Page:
However, we are next to the computer and communications centre (the room that the teacher who is responsible for IT occupies, with his mobile phone) which is often a busy place at night… So the afternoon is for sleep (if possible). The morning is for preparation – I give the “charge to the graduates” on Saturday morning – and marking both Barbara and I have assignments to mark.

Medecine beyond boundaries

On Saturday on our way south of Mae Sot to attend the celebrations for a new building and jubilee of a Karen Church (which I plan to write about later, maybe tomorrow) we stopped for a while at The Mae Tao Clinic (Dr Cynthia’s Clinic).

Dr Cynthia is a Karen medic who began a small clinic for refugees and IDPs (I think it was about 18 years ago that she began) now the “clinic” is like a small town hospital. As well as Dr Cynthia herself the staff are an interesting mix of local permanent staff, expatriate medical specialists in Thailand for a brief visit, and various other people with sufficient training and experience to help. Dr Cynthia’s clinic acts as the main medical care for huge numbers of people who can’t get “official” access to hospitals and the like easily.

The clinic is clean, organized (each patient has a number, pinned to them for easy identification for example), disciplined (each group of people waiting for a specialist had one or more orderlies explaining and organizing what was needed) and even had a small market selling food, mattresses and other necessities. As well as outpatient treatment, which includes minor operations, there is a small inpatient facility.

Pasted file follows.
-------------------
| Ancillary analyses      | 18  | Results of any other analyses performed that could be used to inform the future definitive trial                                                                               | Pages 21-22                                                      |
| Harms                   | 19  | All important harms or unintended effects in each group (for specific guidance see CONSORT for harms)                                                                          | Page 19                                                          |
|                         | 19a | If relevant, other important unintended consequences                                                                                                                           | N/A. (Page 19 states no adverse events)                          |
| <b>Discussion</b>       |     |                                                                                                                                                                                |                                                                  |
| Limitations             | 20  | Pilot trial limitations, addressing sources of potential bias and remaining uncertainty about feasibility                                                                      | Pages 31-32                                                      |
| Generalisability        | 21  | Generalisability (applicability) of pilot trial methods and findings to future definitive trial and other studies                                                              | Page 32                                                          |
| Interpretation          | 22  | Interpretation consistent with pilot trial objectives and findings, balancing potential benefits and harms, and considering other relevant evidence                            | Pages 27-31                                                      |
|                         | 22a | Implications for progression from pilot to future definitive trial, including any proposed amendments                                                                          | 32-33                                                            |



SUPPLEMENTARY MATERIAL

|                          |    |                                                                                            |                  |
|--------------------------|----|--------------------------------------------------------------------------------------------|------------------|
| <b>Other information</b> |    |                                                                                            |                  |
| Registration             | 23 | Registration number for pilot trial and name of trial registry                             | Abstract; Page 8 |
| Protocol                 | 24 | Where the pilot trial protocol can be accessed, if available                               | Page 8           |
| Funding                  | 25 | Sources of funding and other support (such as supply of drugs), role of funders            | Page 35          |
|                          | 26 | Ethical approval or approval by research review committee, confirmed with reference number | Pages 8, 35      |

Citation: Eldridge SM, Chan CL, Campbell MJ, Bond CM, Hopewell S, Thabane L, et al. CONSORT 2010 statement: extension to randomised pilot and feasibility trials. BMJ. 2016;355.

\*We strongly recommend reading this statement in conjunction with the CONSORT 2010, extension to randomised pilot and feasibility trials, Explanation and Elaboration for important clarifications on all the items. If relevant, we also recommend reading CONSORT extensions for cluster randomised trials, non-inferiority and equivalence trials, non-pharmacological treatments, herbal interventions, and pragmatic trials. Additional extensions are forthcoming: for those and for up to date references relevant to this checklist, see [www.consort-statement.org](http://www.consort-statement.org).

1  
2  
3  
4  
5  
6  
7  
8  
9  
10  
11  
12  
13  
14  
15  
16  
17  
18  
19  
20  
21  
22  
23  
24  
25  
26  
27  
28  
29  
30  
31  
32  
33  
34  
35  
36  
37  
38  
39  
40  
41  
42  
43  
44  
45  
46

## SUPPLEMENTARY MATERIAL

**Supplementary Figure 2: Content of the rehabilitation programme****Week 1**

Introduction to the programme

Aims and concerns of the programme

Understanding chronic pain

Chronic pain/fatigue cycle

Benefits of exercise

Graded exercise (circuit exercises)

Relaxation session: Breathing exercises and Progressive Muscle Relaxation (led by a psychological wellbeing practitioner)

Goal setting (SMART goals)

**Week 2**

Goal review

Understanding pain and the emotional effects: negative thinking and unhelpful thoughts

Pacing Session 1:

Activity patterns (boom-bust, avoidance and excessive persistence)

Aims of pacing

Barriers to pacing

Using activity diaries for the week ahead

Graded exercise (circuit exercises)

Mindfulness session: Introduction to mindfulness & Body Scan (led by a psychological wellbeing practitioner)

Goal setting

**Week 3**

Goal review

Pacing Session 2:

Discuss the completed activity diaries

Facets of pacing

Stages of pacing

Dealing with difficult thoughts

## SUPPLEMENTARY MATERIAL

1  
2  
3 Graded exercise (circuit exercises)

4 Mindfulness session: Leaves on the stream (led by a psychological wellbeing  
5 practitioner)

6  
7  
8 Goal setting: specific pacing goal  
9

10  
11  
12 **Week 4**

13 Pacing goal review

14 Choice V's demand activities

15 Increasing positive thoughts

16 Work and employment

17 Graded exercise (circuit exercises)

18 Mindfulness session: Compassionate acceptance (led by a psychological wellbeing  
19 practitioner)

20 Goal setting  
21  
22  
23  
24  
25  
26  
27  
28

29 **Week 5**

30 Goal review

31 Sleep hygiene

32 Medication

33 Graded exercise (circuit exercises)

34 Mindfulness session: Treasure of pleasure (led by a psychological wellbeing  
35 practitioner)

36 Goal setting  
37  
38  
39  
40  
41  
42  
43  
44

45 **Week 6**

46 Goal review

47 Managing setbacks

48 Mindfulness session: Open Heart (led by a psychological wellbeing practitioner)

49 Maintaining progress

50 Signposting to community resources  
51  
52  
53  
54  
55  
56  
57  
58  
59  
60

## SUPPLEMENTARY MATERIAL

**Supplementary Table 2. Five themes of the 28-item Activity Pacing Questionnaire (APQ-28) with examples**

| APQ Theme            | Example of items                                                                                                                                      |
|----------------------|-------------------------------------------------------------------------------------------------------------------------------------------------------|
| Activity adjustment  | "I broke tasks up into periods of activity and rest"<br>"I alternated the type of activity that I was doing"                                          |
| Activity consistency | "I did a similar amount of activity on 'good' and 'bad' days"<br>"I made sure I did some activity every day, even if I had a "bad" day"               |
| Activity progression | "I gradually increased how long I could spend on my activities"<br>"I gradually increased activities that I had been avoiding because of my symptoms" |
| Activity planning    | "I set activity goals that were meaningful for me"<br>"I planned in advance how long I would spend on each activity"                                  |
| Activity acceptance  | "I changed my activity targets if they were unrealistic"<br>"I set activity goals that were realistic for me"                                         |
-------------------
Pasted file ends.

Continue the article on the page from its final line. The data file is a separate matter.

We were told that that morning one of the orderlies was upset because his father’s village was destroyed by the Burmese Army. His father was the pastor, and the village was burned. Later in the morning a group of Burmese soldiers was brought in, across the border (Dr Cynthia’s is on the main road between Mae Sot and “the bridge”). They were suffering from shrapnel wounds, probably from their own landmines.

The wounds were beyond the clinic’s abilities (they can’t yet deliver general anesthetics) so, happily for everyone’s peace of mind, the soldiers were moved on to the Mae Sot General Hospital.

Fighting The Most Dangerous Animal

Two photos

Here are two photos we took on a walk around this section of the camp.

Barbara just loved the umbrellas (used as parasols) under one of the women students hostels:

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We all rather liked the look of the teachers’ homes, on the very edge of the camp, the setting gives an idea of how beautiful this valley could be if it had a normal population of a village or two, not a city of 45-80,000 people: